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  1. I just picked up the Marantz SR6013. It's "last year's model" and is down from $1500 to $900 for who knows how long (on Amazon). The differences between it and the newer SR6014 selling for $1500 were non-existent in my life. The only difference I could even really understand was it has the newer bluetooth protocol. Music sounds amazing as well. I have to admit I still want to add a 2 channel amp to take music to the next level, but it's several very noticeable steps better than the Denon E400 it replaced. I actually hooked up a vintage Harman Kardon 2 channel power amplifier off the pre-outs and compared them to see if it was worth putting it in the loop. It was not. There may have been the slightest improvement over the Marantz, but negligible to the point that I'm selling it and putting the money toward something that should produce a noticeable difference. It's hard to beat the price to performance ratio at the moment.
  2. That is so weird - lmao. Why in the world would they HAVE a 5.1 bi-amped + Zone 2 if the preferred way is 7.1 bi-amped + Zone 2!!!???!?!?! You've given me more stuff to check out though. If you find it first, let me know what you turn up.
  3. Yes. I'm only running a 5.1 setup, so I chose the 5.1 bi-amped + zone 2. I think it was initially set to 7.1 + zone 2. Like I said, I don't know why it would have eq'd the output of that channel, so maybe there's a legitimate issue with the avr. As a test, I'll bi-amp them again and re-run the Audyssey and see if that L rear surround output still sounds off or if that fixes it. Interesting that you found it more dynamic without bi-amping, I wonder why that would be? To be honest, after doing a little research I couldn't really find much to support the practice - at least in the fashion that I was doing. Common sense-wise it seems like you should have more available clean power to the mains if you're using 4 amps instead of 2, but in practice there didn't seem to be much evidence to support that idea. If it's not really advantageous, why do high end speakers come with the capability, and why do receivers offer the option as well? Maybe the speaker wire and banana plug industries paid them off to push the idea, lol.
  4. So I took your advice - I put the jumpers back on and ran one set of cables from the front L and R outputs, and would you believe they sound as near to identical as I could expect from any two speakers!! The right side sounds the same when bi-amped vs single, but the left channel highs are quite different when bi-amped. Those were coming from the L rear surround output. Now I'm concerned that the receiver might have an issue. Since I had nothing hooked up to those outputs when I initially ran the Audyssey calibration (Marantz SR6013 avr) it shouldn't have eq'd the channel in any way, but then again, I really should have re-run the calibration after I bi-amped it. Maybe I'll do that and see if the issue persists. At that point, maybe I consider swapping back the receiver, it's only a week old. Thank you so much for your idea! I still have detective work to do, and there's still a problem, but you totally put me on the right track, and I might be able to completely fix it without needing to send anything back at all - fingers crossed. I'll update my progress.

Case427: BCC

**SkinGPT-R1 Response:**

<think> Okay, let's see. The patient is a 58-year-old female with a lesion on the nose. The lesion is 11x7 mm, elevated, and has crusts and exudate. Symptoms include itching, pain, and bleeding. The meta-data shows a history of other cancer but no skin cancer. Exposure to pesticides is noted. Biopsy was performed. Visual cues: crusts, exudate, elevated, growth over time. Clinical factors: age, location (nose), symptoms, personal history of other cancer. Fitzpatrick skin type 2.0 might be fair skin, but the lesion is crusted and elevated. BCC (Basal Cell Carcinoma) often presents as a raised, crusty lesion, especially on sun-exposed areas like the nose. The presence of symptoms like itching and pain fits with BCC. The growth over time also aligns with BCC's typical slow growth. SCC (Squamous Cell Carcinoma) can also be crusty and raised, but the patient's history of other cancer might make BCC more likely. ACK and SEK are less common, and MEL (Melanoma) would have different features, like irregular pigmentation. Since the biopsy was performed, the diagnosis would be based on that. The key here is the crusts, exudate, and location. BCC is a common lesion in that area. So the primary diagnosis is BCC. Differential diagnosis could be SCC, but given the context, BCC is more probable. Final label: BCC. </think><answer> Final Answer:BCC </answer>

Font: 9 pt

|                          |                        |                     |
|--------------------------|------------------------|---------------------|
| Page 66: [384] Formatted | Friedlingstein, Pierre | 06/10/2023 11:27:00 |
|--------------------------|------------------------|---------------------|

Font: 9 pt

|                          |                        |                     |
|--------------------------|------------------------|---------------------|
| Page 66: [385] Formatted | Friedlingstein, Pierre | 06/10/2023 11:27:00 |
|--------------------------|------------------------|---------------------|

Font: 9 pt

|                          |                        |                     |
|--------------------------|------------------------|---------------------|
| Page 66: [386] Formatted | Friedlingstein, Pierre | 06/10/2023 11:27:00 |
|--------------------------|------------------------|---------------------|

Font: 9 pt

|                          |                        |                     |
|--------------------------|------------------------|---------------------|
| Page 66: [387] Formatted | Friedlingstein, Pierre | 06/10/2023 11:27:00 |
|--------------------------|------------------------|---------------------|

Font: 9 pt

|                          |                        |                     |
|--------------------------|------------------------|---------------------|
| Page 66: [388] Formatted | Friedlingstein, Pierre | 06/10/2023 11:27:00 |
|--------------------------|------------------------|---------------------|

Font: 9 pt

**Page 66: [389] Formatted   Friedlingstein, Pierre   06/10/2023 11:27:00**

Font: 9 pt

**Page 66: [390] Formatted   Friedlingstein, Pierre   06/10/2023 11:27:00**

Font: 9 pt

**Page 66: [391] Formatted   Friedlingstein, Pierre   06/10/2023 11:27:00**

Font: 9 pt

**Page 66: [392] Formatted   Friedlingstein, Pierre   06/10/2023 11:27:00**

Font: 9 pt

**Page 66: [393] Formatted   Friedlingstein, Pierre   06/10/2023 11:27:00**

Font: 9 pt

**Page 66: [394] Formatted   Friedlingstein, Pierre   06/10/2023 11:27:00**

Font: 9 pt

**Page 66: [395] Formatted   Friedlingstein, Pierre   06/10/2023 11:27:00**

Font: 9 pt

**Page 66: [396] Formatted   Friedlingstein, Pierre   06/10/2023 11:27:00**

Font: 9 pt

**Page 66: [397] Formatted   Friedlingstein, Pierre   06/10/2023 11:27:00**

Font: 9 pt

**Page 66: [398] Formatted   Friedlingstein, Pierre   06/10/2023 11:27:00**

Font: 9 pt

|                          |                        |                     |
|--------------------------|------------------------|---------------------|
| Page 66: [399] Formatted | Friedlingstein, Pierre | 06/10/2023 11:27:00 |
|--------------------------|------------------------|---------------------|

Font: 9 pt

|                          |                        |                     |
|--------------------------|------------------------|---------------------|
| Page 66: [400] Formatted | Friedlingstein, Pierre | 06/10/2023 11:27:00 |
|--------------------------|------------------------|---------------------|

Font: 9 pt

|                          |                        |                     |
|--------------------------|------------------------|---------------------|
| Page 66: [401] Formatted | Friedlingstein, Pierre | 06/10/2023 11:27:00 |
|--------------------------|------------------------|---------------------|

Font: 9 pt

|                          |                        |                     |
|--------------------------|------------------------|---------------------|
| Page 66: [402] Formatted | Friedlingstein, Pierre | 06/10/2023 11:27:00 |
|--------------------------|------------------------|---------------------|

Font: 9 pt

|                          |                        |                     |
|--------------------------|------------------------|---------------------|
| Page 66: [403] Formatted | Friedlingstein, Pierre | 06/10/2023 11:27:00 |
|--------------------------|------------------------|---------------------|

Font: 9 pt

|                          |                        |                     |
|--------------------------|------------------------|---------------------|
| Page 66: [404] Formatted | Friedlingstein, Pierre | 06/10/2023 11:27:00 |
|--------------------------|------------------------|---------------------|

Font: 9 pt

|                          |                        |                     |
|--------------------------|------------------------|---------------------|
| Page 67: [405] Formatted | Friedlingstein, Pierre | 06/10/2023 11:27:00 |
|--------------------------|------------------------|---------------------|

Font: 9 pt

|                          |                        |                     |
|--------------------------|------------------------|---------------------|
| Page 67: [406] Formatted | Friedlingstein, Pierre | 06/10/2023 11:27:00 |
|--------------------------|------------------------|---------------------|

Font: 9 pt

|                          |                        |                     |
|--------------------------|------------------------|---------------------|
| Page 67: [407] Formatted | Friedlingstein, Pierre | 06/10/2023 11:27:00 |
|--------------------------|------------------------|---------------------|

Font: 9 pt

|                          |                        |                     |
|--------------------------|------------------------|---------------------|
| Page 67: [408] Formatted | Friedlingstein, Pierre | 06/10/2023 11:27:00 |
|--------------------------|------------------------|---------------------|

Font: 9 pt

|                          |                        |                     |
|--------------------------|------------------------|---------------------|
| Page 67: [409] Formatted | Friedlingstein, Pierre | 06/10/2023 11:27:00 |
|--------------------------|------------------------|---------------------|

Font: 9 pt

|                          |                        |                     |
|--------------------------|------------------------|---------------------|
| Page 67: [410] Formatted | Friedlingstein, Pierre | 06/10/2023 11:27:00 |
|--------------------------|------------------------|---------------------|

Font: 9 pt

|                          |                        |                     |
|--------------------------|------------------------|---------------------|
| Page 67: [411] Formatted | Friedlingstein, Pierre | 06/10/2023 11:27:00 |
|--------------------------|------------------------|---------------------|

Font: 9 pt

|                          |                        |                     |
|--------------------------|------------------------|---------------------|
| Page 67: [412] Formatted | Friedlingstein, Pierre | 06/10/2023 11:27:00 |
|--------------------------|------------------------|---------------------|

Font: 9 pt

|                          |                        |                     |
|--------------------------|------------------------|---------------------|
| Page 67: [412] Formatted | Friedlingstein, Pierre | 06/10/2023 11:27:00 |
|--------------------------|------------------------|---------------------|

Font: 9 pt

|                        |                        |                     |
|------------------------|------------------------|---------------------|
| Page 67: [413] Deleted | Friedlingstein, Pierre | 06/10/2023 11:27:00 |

5. I picked up a pair of RP600Ms a few weeks ago and have been changing around other parts of my system to get the most out of them. I just added a Marantz SR6013 avr and was checking levels after redoing all my wire with the white noise generator and I noticed that the two RP600Ms sounded quite different from each other. This strikes me as an indicator that something is likely "off" with one of the speakers. I have them both bi-amped using the rear surround amps for the tweeters. Does anyone have any experience or insight? Should I be contacting Klipsch for warranty service already? Thanks in advance!
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